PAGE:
Quite a tale and I wanted to see where it happened. I saw the mudflats, but to access the harbour and see a view; I must have missed the turn. The painting’s pretty good though:

Louis John Steele's The Blowing Up of the Boyd (1889). Took this at Waitangi

Louis John Steele’s The Blowing Up of the Boyd (1889). Took this at Waitangi

A bit further around were the golden sands of Doubtless Bay, a lovely spot (no doubt about it).

Doubtless Bay

Doubtless Bay

The Spirit of New Zealand had bet me here from the Bay of Islands earlier

The Spirit of New Zealand had bet me here from the Bay of Islands earlier

At the base of the northern mast of New Zealand sat the small town of Awanui. I stopped a while to visit the Ancient Kauri Kingdom. It’s a rather dated tourist draw, designed to sell Kauri carvings. It’s seen more affluent days, but the real draw is still there; a staircase hollowed out of the core of an enormous Kauri log. They built the shop around it. A small sign exclaims with wonder that it took the guy 300 hours to carve the rough stairway, and two others another 200 hours to complete it in 1998 or so.

I just kinda hate that. The tree had sat in a swamp for 45,000 years, and was probably 2000 years old or so; but hey, let’s be amazed it took some guy 300 hours to cut some steps in it. But it WAS already dead when they cut it up, so I shouldn’t get too whiney about that (I like sitting in my wooden house thank you); plenty of time for me to get all tree huggy later. It’s gaudy as, but standing so fully within a solid trunk that old, it’s still got something going on.

Top floor of the Kauri staircase, Ancient Kauri Kingdom

Yep.

From Awanui it was an hour and a half slog straight up the spine of the northern tip, to Cape Reinga. And the hordes of happy-snap foreigners can’t make a dent in the magic of that place.

An hour of rusty scrub

An hour of rusty scrub

Maori originally navigated from the pacific islands to New Zealand. In folklore, the spiritual home of the Maori is Hawaiki, a mythical, (possibly real) island north of New Zealand. The belief is that when the spirit leaves the body, it flows up the spine of New Zealand, departing at Cape Reinga to return to the ancestral homeland of Hawaiki. So that’s pretty cool, it’s obviously a really special place to Maori. It’s tapu, sacred – and you shouldn’t eat or drink at sacred sites. I was heartened to see no tourists doing either (though a few cigarette butts littered the landscape). It felt special to me too.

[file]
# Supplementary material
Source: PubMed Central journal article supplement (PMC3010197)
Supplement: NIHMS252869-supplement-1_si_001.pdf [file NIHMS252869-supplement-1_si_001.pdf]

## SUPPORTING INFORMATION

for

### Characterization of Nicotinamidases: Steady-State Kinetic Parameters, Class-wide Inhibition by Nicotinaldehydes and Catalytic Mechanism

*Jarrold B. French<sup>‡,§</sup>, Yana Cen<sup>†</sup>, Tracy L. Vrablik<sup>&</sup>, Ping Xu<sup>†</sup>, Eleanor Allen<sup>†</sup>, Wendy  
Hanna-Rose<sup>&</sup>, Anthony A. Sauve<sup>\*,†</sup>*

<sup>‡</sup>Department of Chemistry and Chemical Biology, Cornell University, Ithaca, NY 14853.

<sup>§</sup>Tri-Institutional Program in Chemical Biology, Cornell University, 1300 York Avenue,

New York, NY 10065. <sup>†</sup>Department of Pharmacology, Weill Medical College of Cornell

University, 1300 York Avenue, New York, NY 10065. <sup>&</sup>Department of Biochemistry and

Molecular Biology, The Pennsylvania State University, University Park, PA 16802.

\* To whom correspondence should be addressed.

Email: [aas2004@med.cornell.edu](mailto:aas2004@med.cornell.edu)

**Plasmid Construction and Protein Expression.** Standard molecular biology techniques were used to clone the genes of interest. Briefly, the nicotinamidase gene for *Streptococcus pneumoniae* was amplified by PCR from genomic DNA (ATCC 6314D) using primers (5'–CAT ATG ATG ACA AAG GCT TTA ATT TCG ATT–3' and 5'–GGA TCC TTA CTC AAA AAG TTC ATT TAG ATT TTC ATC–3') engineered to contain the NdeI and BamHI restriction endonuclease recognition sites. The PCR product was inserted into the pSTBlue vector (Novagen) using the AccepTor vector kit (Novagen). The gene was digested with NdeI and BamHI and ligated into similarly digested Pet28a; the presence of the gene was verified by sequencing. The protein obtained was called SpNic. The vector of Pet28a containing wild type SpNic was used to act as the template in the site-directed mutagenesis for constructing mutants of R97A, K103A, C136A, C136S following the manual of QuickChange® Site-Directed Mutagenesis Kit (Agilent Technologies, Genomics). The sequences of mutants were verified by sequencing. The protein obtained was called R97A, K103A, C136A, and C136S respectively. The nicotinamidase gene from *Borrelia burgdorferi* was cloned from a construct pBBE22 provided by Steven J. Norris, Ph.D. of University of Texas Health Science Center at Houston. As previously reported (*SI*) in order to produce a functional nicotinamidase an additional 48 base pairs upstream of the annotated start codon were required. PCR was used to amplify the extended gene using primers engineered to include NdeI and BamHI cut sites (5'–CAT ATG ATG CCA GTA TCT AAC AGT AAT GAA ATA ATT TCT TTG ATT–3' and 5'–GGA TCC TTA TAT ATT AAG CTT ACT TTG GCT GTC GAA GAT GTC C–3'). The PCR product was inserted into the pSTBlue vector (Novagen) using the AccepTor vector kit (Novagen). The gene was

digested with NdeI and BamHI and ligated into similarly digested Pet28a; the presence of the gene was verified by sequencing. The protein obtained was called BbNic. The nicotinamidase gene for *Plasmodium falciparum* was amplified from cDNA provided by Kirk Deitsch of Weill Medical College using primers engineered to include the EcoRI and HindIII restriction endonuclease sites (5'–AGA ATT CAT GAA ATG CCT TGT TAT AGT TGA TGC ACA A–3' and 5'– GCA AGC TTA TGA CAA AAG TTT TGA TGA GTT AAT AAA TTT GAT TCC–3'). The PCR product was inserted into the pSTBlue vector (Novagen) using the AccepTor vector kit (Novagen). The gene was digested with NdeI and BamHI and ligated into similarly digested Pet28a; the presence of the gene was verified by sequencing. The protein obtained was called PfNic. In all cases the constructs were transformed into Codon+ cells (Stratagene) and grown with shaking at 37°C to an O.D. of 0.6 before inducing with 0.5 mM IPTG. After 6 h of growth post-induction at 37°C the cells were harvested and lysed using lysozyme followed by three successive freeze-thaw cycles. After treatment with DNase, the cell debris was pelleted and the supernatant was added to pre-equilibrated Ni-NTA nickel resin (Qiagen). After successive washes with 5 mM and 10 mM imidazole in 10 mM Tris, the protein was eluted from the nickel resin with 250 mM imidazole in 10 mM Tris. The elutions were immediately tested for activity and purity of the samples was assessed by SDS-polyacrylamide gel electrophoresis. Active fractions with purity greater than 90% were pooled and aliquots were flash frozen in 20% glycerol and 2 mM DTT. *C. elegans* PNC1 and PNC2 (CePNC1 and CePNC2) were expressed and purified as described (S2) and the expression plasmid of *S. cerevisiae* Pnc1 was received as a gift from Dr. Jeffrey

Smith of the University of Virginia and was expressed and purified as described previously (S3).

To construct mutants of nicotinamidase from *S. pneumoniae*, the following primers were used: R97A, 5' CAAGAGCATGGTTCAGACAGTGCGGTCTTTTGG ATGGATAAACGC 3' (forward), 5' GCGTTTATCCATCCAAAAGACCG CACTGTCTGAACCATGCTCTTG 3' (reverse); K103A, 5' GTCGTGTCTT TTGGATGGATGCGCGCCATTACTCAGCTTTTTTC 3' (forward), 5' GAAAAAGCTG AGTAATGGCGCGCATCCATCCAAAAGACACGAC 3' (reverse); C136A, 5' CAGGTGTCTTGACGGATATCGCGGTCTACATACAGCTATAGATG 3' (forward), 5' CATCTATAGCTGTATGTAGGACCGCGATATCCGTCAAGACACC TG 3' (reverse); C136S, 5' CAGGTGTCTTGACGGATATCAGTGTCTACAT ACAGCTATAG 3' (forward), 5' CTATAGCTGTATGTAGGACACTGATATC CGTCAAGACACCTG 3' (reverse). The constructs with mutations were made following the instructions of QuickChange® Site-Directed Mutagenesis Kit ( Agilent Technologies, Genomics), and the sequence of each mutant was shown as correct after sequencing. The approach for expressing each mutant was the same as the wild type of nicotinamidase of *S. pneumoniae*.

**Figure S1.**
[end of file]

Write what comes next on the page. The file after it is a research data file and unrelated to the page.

Cape Reinga. You can just make out the Three King Islands on the horizon, where the spirits pop up for one final look before heading to Hawaiki.

Cape Reinga. You can just make out the Three King Islands on the horizon, where the spirits pop up for one final look before heading to Hawaiki.

It has been tastefully developed to handle the tourists but retain it’s aura. A winding path leads you a kilometre or so from the carpark to the lighthouse, with interpretive panels along the way. Taking the happy snap at the lighthouse is naff, but I got some guy to take one for me.

Me and the stupid sign

The lighthouse is just a lighthouse, no different from many others around the country. But you can ignore the tourists and look out to sea, and that was the magic. Beyond the headland, the ocean churns as the Tasman Sea and the Pacific Ocean crash together. The currents created beautiful whirlpools, swirling to perfect Maori motifs for an instant before changing again. I loved it, I watched the changing canvas for ages.

The ocean swirling - hard to see in a photo. It was stunning.

The ocean swirling – hard to see in a photo. It was beautiful.

Suitably spirited, I returned to the real world. Gosh selfie sticks are awful.

Eh one more won't hurt. Looking back toward the Big Te Paki.

Eh one more won’t hurt. Looking back toward the Giant Te Paki.

Heading back south, I stopped by briefly to the ‘Giant Te Paki’ – big sand dunes – just so I could put it in the blog. At the end of the gravel road a couple of kids were renting boogie boards to tourists, who would hike up the dunes and slide back down. They looked like they were having fun, but that’s the kind of fun that isn’t camera nor loner friendly – I trundled on!

Dead sandworm on the Big Te Paki

Dead sandworm on the Giant Te Paki

I hurried back to Awanui. Unfortunately I spun myself into a panic – I thought it was a day later than it was and I was a full day behind my itinerary. I wondered how I had got it so wrong! It was only once I gave up on my plan and found a place to stay that I realised my mistake and relaxed again – stressful hours.

I spent the night at the Norfolk Motel and Campervan Park, a road-side standard fare sort of place. I only mention it because the proprietress was the most welcoming, lovely lady I had the pleasure of staying with. The rest of the trip, I felt like I was ‘just another guest’. She made me feel like a personal guest here, that’s a real skill! She was made for hospitality, what a star. They also had a pool, so I had a wee paddle and a great sleep, ready to head into the Kauri forests in the morning.

Larry's a 30-something chap interested in travel, being a dork and changing the world via less boring training.